Photos | Trains start running to Cronulla 80 years ago

The 80th anniversary of the opening of the train line between Sutherland and Cronulla occurs this year.

On Sunday, December 16, 1939, the Governor, Lord Wakehurst, performed the official opening, arriving on a  train from Central to be greeted by a large crowd and shire president C J (Cec) Monro. 

Between 1911 until 1932, steam trams ran between Cronulla and Sutherland.

However, they became unprofitable due to competition from buses, which often clogged the tram line, causing delays for passengers.

The onset of the Great Depression sealed the fate of the tramway.

Planning for the train line took place in the 1930s and early proposals included it branching off the Illawarra Line at Como and north of Sutherland station.

Parliamentary approval was given in 1936 and a route with six stations was chosen.

The line was electrified from the start but it was only a single track, with loops at Gymea and Caringbah so trains could pass.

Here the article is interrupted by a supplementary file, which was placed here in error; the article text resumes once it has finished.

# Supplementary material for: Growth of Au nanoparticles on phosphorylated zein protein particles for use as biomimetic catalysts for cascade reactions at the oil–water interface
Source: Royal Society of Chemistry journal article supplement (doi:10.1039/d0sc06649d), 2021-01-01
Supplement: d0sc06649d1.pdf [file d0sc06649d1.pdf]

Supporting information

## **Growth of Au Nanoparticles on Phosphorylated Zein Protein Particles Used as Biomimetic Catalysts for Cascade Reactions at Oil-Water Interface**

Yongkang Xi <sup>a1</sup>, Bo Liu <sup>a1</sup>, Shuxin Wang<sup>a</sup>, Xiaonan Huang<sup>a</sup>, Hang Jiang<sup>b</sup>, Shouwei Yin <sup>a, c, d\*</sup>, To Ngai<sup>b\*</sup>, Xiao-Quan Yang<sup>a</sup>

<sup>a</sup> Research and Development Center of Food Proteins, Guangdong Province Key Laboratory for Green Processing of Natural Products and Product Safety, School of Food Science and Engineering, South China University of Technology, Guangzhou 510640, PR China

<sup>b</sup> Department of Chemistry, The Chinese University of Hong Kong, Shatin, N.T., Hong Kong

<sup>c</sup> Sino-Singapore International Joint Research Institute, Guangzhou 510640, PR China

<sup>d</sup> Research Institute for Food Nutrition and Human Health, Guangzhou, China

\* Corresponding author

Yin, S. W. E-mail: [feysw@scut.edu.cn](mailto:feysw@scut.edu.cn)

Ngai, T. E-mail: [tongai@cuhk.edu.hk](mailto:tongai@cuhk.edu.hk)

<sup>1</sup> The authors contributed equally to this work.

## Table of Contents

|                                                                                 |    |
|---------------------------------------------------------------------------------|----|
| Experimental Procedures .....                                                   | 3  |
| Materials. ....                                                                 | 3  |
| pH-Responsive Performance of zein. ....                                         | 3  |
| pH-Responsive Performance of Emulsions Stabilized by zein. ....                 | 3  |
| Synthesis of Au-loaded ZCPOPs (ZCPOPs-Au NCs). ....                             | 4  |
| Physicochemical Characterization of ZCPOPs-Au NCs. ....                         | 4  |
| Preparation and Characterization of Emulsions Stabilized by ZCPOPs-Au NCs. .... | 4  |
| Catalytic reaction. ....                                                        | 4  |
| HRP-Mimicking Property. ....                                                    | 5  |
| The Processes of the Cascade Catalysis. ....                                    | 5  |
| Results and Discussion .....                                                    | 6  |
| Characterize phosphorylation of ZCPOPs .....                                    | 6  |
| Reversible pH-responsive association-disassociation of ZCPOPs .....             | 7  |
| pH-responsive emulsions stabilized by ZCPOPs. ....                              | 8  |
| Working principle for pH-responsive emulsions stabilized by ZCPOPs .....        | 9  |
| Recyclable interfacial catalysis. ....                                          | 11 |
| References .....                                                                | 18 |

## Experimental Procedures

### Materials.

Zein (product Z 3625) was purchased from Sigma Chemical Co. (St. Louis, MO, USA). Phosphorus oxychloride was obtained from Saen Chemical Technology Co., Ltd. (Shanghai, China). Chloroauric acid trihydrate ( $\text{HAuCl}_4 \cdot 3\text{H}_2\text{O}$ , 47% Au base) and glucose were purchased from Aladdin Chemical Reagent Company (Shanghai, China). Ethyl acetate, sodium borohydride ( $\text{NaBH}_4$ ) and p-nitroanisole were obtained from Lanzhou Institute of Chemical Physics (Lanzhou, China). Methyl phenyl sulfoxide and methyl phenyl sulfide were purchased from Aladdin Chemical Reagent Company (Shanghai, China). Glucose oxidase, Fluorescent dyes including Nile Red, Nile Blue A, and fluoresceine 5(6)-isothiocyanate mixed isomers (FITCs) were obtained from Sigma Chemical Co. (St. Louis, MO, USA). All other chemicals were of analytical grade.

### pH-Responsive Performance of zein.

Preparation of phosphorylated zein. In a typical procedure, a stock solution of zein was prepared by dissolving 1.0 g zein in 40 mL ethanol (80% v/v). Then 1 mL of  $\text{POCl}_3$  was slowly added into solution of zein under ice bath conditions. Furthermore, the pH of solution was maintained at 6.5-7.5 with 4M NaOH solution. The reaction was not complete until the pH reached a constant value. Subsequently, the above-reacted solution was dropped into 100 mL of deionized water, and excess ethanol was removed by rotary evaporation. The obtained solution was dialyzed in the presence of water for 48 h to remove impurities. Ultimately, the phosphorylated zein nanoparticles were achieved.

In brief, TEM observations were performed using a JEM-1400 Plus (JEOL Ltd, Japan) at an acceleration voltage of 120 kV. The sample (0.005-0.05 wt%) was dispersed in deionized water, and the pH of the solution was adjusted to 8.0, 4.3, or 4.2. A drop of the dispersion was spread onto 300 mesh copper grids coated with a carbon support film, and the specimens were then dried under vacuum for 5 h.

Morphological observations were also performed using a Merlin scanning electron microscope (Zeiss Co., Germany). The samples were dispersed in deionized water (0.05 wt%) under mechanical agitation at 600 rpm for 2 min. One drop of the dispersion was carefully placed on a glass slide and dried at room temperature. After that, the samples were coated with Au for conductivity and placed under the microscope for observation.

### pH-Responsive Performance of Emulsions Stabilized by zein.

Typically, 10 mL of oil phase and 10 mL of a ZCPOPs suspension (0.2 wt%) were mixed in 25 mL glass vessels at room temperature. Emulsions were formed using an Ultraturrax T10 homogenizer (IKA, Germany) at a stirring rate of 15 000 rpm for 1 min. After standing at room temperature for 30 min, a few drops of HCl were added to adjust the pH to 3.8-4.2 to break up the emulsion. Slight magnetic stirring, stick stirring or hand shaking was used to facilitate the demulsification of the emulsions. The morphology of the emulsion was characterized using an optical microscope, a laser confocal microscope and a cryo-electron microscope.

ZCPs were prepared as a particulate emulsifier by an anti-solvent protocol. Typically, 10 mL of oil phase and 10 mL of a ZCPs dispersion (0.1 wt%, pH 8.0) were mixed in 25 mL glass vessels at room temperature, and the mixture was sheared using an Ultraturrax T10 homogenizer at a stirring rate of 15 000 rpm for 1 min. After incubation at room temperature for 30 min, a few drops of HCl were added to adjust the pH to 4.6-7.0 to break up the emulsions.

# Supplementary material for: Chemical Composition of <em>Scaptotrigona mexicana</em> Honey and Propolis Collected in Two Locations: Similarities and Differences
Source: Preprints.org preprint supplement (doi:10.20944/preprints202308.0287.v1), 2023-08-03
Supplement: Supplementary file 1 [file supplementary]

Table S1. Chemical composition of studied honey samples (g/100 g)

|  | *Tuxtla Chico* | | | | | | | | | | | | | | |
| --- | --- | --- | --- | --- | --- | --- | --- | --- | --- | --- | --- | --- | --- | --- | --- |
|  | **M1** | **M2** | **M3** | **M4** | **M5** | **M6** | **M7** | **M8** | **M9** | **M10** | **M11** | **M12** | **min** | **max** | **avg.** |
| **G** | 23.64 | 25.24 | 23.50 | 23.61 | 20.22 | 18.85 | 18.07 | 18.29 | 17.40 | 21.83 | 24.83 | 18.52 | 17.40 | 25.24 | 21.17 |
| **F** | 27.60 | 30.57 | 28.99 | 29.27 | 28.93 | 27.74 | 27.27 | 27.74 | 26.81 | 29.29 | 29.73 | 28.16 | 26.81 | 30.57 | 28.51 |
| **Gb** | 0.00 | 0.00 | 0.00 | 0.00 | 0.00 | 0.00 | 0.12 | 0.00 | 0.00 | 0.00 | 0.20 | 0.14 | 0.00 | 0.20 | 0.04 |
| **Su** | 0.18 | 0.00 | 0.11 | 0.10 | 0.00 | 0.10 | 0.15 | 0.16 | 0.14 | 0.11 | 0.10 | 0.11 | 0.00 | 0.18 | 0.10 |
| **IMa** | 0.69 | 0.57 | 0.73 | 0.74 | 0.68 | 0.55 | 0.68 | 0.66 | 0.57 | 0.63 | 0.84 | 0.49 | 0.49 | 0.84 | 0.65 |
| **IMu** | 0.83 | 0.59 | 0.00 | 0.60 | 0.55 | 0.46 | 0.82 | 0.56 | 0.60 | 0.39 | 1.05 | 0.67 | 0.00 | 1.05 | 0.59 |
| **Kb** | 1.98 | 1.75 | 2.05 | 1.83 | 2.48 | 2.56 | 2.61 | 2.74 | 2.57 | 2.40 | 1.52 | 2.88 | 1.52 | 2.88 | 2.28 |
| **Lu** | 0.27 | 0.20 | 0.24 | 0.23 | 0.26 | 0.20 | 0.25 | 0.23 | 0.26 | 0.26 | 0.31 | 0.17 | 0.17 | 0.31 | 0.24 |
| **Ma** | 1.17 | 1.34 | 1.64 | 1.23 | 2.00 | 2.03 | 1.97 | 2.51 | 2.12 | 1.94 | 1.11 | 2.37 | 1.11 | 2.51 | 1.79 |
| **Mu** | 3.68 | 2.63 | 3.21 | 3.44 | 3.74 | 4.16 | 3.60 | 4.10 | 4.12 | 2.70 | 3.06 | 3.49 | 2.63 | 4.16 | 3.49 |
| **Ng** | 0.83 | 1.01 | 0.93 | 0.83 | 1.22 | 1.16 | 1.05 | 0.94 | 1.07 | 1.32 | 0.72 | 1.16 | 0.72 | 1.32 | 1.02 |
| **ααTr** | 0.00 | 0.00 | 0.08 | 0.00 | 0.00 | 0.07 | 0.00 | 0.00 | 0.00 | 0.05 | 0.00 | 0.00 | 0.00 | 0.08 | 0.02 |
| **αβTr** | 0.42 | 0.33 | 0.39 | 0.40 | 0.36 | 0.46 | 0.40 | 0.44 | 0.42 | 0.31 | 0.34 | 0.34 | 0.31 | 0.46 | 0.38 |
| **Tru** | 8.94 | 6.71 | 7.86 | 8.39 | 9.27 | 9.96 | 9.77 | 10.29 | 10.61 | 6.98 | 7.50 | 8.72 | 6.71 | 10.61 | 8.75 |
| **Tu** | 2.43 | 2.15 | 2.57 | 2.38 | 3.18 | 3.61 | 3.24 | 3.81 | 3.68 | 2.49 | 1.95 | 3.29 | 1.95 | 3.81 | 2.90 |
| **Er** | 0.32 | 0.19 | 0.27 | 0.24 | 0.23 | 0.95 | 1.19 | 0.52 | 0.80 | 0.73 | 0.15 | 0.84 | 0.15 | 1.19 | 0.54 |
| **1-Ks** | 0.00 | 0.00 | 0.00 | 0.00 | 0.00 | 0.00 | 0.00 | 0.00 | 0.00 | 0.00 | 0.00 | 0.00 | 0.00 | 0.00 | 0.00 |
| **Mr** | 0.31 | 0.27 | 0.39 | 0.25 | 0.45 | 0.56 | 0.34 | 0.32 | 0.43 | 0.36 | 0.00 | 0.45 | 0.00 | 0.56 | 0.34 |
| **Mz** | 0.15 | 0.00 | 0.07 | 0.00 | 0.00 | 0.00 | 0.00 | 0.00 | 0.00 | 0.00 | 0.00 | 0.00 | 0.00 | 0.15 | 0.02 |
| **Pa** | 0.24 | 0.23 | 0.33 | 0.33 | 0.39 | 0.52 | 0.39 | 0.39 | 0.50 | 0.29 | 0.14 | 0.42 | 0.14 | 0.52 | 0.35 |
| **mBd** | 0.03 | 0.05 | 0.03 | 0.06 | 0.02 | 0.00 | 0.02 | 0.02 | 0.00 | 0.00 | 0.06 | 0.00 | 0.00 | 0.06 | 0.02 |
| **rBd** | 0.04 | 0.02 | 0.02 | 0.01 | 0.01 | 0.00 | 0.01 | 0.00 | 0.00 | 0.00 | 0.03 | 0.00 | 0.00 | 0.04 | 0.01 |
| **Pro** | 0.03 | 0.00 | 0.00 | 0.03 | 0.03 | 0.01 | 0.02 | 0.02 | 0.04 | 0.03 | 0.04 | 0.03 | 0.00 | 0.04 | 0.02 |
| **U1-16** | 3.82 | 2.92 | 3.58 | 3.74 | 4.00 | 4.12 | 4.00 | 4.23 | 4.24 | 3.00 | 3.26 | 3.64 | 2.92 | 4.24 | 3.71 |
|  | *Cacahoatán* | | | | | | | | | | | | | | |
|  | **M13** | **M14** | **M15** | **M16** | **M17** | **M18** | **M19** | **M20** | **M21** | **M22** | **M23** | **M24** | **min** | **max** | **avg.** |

In 1985, the line was duplicated between Gymea and Caringbah.

Trains would wait at both stations for their turn on the following sections.

The rest of the track was duplicated in 2010.

A 2014 proposal for an extra station at Sutherland Hospital was rejected by the state government.

Cronulla station is listed on the state’s heritage register.

The NSW Office of Environment and Heritage says it is “of historical significance as a major 1930s Depression period NSW government public works project, and through its relationship to the development of the suburb of Cronulla”

“Cronulla Railway Station is rare within the NSW rail network, and considered to be one of the finest examples of Inter-war Functionalist style railway station architecture in NSW,” the office says.

“The platform buildings are noted for their use of dichromatic brickwork, parapeted roofs, curved corners, strong horizontal planes, stepped steel awnings, complex brickwork, decorative features and complex geometric massing.”

“Cronulla Railway Station has a dramatic street façade to Cronulla Street with a unique central clock tower which also houses electric signalling equipment.”


Every Friday we delve into the Leader archives to embark on some time travel.

We will bring you photographs of a news event from 57 years of Leader news coverage that you may or may not recall.

Flashback Friday submissions are also welcomed.

Feel free to share your recollections with us on our Facebook page @SutherlandShireStGeorgeNews or email